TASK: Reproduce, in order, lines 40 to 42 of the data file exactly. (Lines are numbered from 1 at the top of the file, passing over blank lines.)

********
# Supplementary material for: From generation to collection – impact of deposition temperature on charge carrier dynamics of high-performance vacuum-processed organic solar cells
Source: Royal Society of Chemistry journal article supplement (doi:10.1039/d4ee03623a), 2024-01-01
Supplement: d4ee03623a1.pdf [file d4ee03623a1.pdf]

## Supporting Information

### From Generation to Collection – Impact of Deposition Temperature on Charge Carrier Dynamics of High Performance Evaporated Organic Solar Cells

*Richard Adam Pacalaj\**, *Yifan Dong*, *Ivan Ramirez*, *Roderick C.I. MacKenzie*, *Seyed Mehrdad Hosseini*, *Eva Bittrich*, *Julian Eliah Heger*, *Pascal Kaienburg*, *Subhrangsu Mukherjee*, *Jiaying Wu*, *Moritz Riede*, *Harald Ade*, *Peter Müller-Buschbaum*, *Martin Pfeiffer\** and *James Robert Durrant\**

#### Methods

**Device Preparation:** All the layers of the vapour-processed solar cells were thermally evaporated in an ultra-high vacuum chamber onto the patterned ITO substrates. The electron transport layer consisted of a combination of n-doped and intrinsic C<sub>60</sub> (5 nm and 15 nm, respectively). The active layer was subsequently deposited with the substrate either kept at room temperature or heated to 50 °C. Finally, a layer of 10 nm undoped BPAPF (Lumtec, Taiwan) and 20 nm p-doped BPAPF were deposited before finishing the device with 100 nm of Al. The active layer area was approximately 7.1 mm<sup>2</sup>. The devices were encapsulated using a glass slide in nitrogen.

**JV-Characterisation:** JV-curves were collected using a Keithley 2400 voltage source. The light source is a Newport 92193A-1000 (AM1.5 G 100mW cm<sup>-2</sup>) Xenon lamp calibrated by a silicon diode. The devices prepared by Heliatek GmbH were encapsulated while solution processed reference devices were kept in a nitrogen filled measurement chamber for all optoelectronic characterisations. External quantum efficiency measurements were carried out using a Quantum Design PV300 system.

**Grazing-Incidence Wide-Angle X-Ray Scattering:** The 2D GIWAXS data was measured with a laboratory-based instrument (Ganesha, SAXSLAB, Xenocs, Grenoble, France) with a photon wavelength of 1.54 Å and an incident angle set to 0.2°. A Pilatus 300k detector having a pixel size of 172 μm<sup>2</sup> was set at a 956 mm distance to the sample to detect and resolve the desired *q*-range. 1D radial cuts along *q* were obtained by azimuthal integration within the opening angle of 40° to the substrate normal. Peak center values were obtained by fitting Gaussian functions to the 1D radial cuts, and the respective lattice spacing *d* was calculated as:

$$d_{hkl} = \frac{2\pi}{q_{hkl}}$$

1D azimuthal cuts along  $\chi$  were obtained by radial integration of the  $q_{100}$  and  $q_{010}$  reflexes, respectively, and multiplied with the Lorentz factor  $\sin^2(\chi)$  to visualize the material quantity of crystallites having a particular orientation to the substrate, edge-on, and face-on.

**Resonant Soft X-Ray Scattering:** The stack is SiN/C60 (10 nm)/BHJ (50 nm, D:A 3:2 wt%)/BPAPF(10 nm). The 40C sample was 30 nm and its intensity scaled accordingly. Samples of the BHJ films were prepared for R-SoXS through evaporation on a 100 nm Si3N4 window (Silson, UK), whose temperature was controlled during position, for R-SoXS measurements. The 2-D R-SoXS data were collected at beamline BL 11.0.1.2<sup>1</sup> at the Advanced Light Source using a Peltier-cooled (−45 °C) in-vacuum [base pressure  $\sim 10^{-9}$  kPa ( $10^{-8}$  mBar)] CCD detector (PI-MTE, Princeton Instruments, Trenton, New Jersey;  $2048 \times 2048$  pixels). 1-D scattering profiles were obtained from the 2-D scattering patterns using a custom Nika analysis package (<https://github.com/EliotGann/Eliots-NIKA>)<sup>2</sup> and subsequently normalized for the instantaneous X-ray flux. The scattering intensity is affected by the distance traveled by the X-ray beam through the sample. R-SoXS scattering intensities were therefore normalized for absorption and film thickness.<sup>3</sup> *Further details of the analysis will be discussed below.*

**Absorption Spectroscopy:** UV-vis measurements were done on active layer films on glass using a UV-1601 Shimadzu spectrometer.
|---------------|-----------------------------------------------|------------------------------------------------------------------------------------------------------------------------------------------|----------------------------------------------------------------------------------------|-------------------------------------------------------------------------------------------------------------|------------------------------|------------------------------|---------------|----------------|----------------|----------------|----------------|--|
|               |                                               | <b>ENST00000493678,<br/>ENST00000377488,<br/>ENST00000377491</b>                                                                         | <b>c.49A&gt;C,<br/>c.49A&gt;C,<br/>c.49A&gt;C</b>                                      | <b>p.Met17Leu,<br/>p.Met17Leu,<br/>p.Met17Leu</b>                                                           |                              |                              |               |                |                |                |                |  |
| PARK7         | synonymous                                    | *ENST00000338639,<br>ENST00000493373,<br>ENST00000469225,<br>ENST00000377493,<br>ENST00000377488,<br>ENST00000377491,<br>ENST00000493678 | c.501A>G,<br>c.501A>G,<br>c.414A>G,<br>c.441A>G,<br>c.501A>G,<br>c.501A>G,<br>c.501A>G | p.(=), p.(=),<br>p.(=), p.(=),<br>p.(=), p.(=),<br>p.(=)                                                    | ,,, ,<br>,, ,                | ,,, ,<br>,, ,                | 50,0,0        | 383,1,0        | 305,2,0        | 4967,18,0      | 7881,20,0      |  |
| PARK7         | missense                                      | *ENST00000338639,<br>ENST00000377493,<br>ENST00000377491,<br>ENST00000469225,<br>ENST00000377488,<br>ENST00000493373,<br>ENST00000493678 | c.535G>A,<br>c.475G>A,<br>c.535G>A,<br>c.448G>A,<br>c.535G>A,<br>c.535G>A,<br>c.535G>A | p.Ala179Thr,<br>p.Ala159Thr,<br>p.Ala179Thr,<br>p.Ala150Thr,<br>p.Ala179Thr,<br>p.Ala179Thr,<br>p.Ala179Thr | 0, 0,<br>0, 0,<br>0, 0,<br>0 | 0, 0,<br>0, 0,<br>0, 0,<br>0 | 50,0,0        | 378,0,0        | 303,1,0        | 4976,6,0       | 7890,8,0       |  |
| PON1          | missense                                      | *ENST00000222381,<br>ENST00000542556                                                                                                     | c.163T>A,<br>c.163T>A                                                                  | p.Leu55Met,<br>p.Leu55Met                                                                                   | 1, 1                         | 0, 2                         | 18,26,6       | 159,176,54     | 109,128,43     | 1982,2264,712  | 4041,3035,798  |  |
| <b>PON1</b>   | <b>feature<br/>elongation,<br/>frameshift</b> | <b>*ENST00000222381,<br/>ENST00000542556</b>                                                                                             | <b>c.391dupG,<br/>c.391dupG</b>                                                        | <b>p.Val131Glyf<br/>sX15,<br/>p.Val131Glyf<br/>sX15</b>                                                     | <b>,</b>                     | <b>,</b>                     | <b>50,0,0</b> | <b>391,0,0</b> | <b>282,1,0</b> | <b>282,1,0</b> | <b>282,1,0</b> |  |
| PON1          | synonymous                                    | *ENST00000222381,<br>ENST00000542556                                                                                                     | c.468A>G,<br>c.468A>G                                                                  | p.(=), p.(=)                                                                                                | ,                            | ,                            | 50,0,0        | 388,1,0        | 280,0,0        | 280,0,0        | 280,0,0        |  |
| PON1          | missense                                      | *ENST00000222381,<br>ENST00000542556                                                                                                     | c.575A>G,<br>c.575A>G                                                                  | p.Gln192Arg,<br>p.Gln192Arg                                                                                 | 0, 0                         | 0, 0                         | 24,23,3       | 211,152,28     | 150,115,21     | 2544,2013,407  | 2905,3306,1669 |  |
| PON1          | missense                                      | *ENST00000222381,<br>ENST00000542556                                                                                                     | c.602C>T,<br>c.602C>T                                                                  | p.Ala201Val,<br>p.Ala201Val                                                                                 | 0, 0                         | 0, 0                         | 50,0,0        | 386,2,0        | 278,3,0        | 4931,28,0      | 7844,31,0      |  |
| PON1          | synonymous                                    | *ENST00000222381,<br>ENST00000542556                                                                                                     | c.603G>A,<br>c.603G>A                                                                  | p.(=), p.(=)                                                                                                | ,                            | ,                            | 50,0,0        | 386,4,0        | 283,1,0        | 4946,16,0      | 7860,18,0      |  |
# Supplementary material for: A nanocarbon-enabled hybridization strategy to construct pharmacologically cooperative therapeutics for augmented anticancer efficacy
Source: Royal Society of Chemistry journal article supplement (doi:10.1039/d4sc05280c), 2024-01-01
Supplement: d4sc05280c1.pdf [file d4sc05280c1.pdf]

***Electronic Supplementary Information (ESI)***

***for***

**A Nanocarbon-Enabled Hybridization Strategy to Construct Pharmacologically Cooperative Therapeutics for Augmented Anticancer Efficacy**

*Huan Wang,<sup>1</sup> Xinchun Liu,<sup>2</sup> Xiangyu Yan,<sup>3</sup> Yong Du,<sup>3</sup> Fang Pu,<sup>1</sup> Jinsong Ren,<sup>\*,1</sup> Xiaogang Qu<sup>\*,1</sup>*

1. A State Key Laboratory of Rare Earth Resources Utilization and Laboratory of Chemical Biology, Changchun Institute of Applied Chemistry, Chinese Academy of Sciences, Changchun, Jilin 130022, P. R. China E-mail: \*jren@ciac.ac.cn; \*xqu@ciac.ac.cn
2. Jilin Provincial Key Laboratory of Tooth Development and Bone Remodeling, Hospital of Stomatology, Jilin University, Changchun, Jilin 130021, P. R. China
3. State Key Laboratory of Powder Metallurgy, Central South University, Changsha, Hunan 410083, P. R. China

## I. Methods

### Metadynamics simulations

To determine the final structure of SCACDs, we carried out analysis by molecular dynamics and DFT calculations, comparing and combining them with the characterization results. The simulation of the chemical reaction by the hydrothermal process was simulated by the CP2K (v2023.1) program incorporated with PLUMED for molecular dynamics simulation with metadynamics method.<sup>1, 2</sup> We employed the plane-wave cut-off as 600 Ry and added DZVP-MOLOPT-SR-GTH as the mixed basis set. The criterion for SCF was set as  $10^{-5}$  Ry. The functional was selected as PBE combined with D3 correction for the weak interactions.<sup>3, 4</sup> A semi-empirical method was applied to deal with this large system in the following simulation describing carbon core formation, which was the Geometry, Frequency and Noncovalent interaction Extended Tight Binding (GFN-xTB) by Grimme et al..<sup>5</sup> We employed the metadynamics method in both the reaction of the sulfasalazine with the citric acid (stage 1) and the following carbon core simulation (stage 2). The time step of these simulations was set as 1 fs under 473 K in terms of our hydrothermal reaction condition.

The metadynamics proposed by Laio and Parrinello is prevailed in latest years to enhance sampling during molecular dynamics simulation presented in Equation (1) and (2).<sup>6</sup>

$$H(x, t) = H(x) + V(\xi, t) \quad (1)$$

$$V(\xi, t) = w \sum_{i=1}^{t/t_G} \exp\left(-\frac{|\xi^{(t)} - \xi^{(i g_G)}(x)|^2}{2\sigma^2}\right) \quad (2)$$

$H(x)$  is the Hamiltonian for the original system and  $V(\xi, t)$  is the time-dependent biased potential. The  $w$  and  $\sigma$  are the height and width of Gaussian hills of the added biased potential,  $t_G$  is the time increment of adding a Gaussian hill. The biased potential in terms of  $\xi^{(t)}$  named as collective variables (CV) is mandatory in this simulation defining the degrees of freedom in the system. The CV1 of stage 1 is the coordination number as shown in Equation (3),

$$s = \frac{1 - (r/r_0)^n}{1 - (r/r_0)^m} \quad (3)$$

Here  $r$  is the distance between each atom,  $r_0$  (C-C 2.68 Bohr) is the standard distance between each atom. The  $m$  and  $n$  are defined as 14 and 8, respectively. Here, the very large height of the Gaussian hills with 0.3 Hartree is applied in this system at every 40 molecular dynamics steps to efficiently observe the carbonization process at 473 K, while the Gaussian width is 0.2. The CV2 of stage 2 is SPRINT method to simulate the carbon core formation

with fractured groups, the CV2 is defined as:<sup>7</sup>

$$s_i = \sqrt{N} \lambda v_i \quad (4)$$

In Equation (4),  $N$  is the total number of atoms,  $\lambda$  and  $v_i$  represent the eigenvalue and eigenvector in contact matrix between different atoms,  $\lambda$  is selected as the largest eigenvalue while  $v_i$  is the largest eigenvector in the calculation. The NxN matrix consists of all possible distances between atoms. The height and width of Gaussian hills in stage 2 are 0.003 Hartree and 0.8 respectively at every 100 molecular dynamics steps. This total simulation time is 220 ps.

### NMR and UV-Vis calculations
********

$$V(\xi, t) = w \sum_{i=1}^{t/t_G} \exp\left(-\frac{|\xi^{(t)} - \xi^{(i g_G)}(x)|^2}{2\sigma^2}\right) \quad (2)$$

$H(x)$  is the Hamiltonian for the original system and  $V(\xi, t)$  is the time-dependent biased potential. The  $w$  and  $\sigma$  are the height and width of Gaussian hills of the added biased potential,  $t_G$  is the time increment of adding a Gaussian hill. The biased potential in terms of  $\xi^{(t)}$  named as collective variables (CV) is mandatory in this simulation defining the degrees of freedom in the system. The CV1 of stage 1 is the coordination number as shown in Equation (3),

$$s = \frac{1 - (r/r_0)^n}{1 - (r/r_0)^m} \quad (3)$$